Berlinski proclaims that one of the best arguments for God’s existence is humanity itself. Although we and the apes share some things in common, there are many profound differences. If we really are as special as the evidence suggests, then religious ideas about being made in the image of God have some weight. Support for our specialness can come from unexpected sources. Alfred Wallace, one of the creators of modern evolutionary thought, contemplated the consequences of his theory and suspected it might be false. He observed that many human traits, from language to moral awareness to abilities in the arts and sciences all seem to be “front-loaded” into us from the beginning. Berlinski concludes that atheistic scientists’ claims that humans are only the culmination of an evolutionary process display a commitment that has little to do with science or evidence.
Scientific atheists concede that the concept of God is useful to some people (e.g. theists) because for them he serves as a God of the gaps (gaps in our knowledge of how the universe works). But Berlinski asserts there will always be gaps. Our grand theories do not agree with each other. Maybe this is because the “God of Old” purposely chooses to reveal only so much about his magnificent creation. That could explain why Darwinism and natural selection make little sense and are supported by little evidence. Atheists can’t scientifically explain the startling coherence and complexity of living organisms, therefore the claims that “natural selection has been demonstrated beyond all reasonable doubt” is like an ecclesiastical bull (or bluff) from a most peculiar church. Berlinski thinks the God of the gaps (or of Old) would likely have this to say about all our grand theories: “You have no idea whatsoever how the ordered physical, moral, mental, aesthetic, and social world in which you live could have ever arisen from the seething anarchy of the elementary particles” (p. 201).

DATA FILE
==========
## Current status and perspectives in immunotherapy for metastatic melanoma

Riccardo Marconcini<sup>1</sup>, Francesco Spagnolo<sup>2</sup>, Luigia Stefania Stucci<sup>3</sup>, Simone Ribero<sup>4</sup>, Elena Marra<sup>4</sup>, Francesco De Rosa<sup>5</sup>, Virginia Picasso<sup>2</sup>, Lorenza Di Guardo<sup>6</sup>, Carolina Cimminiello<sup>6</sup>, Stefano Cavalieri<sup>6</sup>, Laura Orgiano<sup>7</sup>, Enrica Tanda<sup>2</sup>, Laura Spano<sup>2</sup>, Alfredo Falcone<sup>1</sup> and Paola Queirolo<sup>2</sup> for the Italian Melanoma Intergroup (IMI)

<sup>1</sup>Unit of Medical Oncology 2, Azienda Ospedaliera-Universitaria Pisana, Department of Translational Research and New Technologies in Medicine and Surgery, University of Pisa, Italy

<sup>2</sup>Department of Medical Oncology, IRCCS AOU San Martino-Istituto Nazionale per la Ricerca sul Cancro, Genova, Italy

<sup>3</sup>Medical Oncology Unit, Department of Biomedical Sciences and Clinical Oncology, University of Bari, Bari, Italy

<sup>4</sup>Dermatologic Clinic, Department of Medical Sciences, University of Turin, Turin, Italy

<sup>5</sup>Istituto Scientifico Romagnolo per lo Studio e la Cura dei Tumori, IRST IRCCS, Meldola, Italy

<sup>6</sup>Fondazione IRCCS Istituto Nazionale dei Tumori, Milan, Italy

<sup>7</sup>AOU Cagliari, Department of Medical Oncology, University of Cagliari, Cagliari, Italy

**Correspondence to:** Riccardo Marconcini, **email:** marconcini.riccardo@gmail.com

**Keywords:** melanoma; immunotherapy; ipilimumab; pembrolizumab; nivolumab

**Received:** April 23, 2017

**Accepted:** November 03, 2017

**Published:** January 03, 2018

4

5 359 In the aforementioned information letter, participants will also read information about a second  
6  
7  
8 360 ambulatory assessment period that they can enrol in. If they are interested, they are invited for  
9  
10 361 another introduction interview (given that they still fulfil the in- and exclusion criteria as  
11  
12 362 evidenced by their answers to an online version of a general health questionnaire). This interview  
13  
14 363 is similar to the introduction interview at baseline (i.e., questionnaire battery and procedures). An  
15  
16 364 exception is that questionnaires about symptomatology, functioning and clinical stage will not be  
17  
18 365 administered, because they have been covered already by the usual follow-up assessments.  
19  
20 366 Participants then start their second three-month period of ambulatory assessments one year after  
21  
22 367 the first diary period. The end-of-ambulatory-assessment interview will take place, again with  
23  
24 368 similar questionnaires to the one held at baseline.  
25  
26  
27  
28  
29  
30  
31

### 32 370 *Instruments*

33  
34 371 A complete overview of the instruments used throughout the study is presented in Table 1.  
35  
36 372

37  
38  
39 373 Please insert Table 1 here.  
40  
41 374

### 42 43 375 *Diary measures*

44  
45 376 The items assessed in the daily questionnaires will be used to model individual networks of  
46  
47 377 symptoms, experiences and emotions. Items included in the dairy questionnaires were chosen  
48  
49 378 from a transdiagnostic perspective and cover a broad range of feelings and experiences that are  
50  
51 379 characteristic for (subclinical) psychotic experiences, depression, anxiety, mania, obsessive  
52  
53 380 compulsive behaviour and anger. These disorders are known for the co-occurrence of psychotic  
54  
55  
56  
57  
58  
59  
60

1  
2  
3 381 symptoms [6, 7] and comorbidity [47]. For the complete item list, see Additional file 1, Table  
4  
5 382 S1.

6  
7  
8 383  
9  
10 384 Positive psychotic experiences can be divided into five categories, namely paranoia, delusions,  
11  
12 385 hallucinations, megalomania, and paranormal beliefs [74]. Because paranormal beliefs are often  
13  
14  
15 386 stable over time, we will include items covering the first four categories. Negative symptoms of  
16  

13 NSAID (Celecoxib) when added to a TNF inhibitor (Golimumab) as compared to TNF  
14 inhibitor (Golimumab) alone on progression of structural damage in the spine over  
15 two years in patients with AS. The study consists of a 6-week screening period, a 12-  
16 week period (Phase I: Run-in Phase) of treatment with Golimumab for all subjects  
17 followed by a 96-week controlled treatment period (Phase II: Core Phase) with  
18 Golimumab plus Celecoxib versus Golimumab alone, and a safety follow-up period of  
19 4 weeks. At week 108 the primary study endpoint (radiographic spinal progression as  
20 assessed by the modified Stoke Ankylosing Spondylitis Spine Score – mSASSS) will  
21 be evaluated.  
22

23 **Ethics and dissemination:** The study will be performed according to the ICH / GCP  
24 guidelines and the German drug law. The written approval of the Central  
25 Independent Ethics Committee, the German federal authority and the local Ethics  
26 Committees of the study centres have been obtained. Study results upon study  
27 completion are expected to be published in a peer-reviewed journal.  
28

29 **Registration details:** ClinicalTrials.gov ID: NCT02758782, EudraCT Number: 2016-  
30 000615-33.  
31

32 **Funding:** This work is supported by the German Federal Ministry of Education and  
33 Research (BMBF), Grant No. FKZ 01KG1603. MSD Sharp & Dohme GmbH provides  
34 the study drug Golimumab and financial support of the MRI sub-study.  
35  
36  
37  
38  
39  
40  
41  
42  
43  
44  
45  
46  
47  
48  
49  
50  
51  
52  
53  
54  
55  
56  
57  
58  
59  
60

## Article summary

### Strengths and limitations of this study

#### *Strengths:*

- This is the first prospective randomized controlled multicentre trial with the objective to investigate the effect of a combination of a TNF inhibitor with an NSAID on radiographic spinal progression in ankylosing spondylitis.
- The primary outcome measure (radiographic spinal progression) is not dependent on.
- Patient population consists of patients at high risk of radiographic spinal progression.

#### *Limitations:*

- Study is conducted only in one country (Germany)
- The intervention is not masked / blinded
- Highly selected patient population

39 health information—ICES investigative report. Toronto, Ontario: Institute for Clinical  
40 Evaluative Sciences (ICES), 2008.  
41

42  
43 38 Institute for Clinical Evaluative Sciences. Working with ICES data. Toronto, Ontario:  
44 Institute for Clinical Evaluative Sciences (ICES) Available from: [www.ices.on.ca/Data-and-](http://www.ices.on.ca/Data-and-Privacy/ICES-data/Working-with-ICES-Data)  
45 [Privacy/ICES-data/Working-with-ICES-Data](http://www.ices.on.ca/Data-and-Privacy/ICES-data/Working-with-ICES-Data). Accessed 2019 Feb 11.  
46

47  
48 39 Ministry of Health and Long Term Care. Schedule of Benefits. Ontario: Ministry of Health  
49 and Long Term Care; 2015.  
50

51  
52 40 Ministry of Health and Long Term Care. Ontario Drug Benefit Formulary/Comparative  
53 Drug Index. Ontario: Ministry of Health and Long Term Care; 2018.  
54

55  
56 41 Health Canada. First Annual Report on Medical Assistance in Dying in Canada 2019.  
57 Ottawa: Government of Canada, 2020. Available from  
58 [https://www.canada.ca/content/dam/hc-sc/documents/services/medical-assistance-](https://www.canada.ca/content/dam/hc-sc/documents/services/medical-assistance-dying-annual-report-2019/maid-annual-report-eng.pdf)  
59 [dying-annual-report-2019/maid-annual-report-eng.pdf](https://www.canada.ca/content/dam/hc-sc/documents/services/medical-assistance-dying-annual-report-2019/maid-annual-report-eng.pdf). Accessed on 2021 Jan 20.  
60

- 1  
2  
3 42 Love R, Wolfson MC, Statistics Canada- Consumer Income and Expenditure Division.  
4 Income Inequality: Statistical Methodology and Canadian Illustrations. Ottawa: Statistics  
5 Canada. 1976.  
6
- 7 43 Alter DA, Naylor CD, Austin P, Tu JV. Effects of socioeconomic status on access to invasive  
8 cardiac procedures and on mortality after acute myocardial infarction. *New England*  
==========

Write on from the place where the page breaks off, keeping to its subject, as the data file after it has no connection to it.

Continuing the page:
In retrospect, Berlinski’s book marshals many cogent reasons we should be skeptical about the claims and assumptions of modern scientific atheism. He concludes there is more ideology than science behind their presumptions and overextended claims. Their view of the universe is incoherent and incomplete and they know it. He aptly notes that their tools are not of the right sort, much like the Russian cosmonaut looking for and not finding God in the darkness of outer space. He sees that the atheistic scientist’s universe seems pointless and in his view that is a depressing place indeed. But it is difficult to know what Berlinski would replace their views with. He realizes, as he states in chapter nine, that there is something inhuman about our efforts in the physical sciences. There is a great gap between what it represents and what we embody. “We live by love and longing, death and the devastation that time imposes. How did they enter into the world? And why? The world of the physical sciences is not our world, and if our world has things that cannot be explained in their terms, then we must search elsewhere for their explanation. . . . We are where human beings have always been, conveyed by miracles and yet unsure of the conveyance, unable to place our confidence completely in anything, or our doubt completely in everything” (p. 207-8). This seems to succinctly state Berlinski’s own dilemma—but is he really unable or just unwilling to place his confidence fully in the divine being that his research leads him to? He defines miracles as “access to the divine” and sees the miraculous in the wonderful design and complexity of the universe, but fails to commit to a Designer. Apologetics can only go so far, for who has perhaps more natural evidence for the existence of God and has yet committed less to such a being than David Berlinski? As Pascal reminds us, the heart has reasons that reason knows not of. Perhaps Pascal’s Wager would be an appropriate read for him—one mathematician to another. As Pascal concluded, there is no down side to betting on God.
Michael M. Christensen